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This, my friends, is a B-Band converter. It was a common sight on DIRECTV equipment a decade ago. Today, not so much. The B-Band converter was a temporary measure to help older DIRECTV receivers last a little longer, and make them compatible with more modern DIRECTV dishes. And keep in mind by “modern,” I mean circa 2005. It’s time to rethink your DIRECTV setup if you’re still using this tech, and I’m happy to explain why.

What a B-Band Converter does

In order to understand the purpose of this little box with a pigtail, you have to understand how satellite signals get from the sky to your receiver.

Step 1: Transmission from the satellite

There is a LOT of information that comes down from a DIRECTV satellite. Depending on the satellite, it could be broadcasting in one or all of three frequency ranges. All of these transmissions take place in the range from 12-40 gigahertz. This is a pretty wide open range of frequencies so it’s easier for DIRECTV to send a massive amount of data down to your dish. Your dish uses a special antenna that’s tuned to receive such high-frequency signals.

Step 2: From the dish to the receiver

Those high frequency signals don’t travel through cables very well. Cables that would work with them would be very expensive, too expensive for your average home installation. So, the dish converts them down to frequencies that work. This is called “block downconverting” and it’s the “B” part of an “LNB,” the common name for the front part of the dish.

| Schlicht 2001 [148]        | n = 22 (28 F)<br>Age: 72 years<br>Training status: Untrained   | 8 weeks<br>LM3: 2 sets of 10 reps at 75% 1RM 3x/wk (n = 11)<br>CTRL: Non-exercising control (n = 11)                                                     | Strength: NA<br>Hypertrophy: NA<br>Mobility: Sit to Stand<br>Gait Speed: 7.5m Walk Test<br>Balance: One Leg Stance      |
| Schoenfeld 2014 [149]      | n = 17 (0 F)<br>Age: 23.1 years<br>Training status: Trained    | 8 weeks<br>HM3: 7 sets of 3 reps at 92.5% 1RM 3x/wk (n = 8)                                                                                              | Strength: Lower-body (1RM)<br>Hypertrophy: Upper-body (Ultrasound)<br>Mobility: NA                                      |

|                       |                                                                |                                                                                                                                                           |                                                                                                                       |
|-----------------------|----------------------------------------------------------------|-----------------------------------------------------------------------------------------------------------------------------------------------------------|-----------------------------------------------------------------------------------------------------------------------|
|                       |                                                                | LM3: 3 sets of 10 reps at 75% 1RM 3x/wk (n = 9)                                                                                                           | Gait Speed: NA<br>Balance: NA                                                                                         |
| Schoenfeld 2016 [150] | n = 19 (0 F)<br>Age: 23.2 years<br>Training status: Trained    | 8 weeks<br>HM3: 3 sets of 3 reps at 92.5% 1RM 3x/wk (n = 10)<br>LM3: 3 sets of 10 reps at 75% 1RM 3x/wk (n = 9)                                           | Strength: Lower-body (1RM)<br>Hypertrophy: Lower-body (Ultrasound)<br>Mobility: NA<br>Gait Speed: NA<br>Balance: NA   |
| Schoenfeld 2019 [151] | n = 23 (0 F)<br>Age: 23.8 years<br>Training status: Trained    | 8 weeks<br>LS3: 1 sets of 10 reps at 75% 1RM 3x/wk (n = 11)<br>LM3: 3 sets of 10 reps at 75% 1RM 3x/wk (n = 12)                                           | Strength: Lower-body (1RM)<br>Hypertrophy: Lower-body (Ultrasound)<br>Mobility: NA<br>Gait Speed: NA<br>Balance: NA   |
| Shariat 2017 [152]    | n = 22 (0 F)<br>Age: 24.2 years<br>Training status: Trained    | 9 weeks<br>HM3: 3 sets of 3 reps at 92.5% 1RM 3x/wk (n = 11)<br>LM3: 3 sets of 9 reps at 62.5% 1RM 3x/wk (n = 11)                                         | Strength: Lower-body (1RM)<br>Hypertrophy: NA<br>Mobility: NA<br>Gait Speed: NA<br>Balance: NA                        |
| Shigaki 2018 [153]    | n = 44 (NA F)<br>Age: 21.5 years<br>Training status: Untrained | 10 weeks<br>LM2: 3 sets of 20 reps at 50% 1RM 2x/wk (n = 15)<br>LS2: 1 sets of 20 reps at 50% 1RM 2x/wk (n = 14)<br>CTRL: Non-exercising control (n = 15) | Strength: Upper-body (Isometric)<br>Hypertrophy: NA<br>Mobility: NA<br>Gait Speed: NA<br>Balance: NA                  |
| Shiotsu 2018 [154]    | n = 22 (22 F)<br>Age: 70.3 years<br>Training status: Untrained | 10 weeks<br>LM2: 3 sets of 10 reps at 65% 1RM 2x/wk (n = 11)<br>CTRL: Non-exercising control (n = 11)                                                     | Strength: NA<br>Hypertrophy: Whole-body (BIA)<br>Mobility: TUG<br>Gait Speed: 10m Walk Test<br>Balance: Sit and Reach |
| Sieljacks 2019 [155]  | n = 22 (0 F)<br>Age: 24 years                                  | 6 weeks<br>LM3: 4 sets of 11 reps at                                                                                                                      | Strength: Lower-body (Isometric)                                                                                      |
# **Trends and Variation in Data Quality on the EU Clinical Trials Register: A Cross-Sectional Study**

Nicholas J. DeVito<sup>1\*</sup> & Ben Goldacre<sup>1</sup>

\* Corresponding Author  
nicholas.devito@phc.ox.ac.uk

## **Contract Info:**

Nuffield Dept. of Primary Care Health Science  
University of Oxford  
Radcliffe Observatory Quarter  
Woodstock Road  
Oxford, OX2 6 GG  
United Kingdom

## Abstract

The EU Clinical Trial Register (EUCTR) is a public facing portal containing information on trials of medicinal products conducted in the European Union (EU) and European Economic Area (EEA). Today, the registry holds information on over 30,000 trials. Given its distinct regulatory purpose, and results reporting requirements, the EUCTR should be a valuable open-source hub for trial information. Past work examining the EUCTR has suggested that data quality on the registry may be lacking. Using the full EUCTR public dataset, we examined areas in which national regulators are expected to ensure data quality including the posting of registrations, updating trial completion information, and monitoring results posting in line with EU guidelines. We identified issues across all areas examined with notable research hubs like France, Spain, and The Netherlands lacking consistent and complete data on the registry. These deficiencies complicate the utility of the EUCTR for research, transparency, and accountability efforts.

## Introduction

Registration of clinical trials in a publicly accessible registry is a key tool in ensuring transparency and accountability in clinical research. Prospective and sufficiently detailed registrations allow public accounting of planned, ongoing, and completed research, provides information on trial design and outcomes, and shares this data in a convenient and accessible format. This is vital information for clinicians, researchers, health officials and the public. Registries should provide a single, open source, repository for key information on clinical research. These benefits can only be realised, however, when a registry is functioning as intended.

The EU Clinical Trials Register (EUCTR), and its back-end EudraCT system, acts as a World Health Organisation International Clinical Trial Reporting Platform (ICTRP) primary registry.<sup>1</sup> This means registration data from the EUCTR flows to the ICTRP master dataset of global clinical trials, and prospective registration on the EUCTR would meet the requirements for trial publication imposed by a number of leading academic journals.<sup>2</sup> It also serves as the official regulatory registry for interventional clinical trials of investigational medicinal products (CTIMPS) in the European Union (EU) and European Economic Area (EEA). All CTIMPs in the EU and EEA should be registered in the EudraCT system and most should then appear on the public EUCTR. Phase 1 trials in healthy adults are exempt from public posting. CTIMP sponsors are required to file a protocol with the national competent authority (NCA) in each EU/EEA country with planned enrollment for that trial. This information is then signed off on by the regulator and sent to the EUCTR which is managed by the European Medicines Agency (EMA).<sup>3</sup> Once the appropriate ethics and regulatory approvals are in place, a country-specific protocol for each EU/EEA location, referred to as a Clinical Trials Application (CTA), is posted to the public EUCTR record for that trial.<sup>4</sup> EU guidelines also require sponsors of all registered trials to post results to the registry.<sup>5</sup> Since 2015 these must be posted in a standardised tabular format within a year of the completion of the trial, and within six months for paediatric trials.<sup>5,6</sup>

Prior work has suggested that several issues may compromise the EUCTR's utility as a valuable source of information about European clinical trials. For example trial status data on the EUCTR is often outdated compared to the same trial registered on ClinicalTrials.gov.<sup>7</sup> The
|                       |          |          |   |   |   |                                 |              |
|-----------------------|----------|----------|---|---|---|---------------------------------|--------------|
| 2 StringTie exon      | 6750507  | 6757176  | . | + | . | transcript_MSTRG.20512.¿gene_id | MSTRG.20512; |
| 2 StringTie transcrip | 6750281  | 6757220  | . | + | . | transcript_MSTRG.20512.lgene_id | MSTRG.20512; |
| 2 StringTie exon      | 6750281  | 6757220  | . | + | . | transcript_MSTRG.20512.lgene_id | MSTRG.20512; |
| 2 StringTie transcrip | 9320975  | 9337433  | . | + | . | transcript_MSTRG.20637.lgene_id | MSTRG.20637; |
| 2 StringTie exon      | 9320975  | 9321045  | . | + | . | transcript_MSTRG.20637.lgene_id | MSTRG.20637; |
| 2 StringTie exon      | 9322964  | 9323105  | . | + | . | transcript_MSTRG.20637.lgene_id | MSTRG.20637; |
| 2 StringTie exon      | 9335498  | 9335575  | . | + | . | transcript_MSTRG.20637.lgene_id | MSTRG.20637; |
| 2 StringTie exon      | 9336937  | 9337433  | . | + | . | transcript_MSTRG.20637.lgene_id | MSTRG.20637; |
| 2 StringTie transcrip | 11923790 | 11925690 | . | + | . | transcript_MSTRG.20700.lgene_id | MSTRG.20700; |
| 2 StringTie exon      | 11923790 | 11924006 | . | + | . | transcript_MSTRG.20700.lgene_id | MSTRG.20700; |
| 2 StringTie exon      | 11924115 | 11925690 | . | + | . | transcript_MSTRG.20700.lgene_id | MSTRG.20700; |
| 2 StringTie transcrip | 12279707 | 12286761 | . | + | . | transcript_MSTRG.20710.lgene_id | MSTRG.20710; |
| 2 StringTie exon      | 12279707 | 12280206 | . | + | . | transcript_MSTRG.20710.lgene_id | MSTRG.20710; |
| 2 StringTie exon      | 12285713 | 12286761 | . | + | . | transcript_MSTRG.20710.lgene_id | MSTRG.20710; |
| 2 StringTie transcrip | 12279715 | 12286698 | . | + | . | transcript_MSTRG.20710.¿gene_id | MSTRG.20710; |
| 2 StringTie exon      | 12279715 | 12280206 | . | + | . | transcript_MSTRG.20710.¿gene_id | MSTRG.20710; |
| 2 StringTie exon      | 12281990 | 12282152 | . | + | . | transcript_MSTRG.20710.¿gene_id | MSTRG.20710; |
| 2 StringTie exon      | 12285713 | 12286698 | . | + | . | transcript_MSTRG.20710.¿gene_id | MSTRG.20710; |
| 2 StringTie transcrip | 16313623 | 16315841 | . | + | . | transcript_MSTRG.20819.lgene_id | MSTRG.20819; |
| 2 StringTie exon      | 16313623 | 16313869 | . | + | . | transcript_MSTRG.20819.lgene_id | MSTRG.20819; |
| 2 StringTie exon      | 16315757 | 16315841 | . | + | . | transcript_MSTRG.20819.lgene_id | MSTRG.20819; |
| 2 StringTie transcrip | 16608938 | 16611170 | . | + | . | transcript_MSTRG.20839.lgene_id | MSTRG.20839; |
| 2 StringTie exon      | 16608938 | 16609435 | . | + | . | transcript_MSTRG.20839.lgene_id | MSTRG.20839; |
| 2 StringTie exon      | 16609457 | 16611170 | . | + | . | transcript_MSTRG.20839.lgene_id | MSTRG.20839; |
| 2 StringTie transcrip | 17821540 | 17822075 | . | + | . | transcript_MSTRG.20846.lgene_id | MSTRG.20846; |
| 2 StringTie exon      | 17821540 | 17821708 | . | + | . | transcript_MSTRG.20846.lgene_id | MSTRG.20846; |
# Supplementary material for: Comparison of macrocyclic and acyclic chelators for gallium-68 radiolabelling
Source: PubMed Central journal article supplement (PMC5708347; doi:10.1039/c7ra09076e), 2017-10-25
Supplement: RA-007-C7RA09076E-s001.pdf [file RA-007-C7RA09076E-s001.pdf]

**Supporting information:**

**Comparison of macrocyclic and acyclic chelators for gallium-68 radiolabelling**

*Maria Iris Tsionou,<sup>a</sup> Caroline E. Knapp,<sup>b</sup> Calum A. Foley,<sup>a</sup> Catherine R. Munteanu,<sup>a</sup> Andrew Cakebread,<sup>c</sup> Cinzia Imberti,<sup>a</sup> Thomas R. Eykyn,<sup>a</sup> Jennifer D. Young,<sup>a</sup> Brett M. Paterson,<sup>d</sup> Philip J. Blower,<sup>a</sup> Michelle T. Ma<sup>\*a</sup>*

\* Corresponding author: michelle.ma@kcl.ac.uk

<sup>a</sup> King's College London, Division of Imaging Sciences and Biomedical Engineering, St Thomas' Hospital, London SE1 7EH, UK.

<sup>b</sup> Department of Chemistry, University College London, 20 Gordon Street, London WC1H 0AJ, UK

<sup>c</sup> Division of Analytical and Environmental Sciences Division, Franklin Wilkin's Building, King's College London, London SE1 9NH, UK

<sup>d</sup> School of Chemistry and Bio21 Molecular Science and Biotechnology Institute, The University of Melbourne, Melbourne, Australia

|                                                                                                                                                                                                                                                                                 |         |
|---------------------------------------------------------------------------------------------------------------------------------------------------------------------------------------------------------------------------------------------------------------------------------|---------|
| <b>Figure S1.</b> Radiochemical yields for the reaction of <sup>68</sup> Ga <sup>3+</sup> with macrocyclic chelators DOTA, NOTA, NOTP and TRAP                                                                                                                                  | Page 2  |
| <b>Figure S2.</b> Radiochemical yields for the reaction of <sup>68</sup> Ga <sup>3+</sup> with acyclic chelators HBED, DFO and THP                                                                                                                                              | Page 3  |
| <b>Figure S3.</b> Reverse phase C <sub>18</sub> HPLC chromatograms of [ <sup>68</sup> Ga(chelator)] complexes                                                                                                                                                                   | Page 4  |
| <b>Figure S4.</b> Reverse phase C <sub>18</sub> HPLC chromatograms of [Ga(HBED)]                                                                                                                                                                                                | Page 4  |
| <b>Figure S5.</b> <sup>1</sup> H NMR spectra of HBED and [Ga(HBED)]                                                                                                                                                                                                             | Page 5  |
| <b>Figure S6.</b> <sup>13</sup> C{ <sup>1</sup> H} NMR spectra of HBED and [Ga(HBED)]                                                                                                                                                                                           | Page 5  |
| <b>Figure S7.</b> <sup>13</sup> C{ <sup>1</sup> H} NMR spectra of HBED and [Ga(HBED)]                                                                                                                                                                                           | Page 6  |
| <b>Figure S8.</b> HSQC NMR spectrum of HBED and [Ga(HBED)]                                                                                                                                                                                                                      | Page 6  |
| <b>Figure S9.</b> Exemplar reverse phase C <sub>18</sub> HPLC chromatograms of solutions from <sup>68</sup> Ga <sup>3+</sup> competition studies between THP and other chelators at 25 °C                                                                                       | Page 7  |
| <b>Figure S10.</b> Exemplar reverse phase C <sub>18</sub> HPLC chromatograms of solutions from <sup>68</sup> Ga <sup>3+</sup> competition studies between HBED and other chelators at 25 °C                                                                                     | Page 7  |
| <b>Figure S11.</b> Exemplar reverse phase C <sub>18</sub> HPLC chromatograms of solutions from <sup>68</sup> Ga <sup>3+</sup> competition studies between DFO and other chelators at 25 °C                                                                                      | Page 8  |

Signals in the 12-18GHz range get converted to the 950-2150MHz range, commonly called the “L-Band.” Signals in the 28-40GHz range get converted to the 250-750MHz range, commonly called the “B-Band.” (These names come from old US Government designations and were designed not to make sense.)

Step 3: Fixing the inevitable problem

In the 2000s, it was a lot more expensive to make satellite receivers that received both the B-Band and the L-Band. So, with one exception, they just… didn’t. Instead, the receiver was designed so that if it needed a signal in the B-Band, it would send a signal to a filter, which would convert the B-Band signal into an L-Band signal. That, my friends, is why they call it a B-Band Converter. (Not, as some have suggested, because it has something to do with boy bands.)

But all that’s really ancient history

The B-Band converter solution was really only in use for a few years. It was replaced by a new technology which became the standard for installations in 2009. SWM technology eliminates B-Band converters and allows for installations to use simple splitters in order to make distribution easier.

But, people still kept using this technology because it meant they could keep an older dish in service or keep using an older DVR. Folks, I think it’s great that you’re thinking about preserving the setup you have. Let’s be honest, though, it’s been 11 years. If you’re still using a setup that requires B-Band converters, you’re long past the time when you should have upgraded. The new systems are simpler and also allow for 4K signals with appropriate hardware. With a new system you can add a Genie DVR which gives a lot more recording capacity, is more energy-efficient, and it’s a cleaner install. Trust me it’s worth it.

When you’re ready for that upgrade, shop Solid Signal for the parts you need or call us at 888-233-7563 if you would like help from a real technician in our 100% US-based call center. We’re here to help!

About the Author

Stuart Sweet
Stuart Sweet is the editor-in-chief of The Solid Signal Blog and a "master plumber" at Signal Group, LLC. He is the author of over 8,000 articles and longform tutorials including many posted here. Reach him by clicking on "Contact the Editor" at the bottom of this page.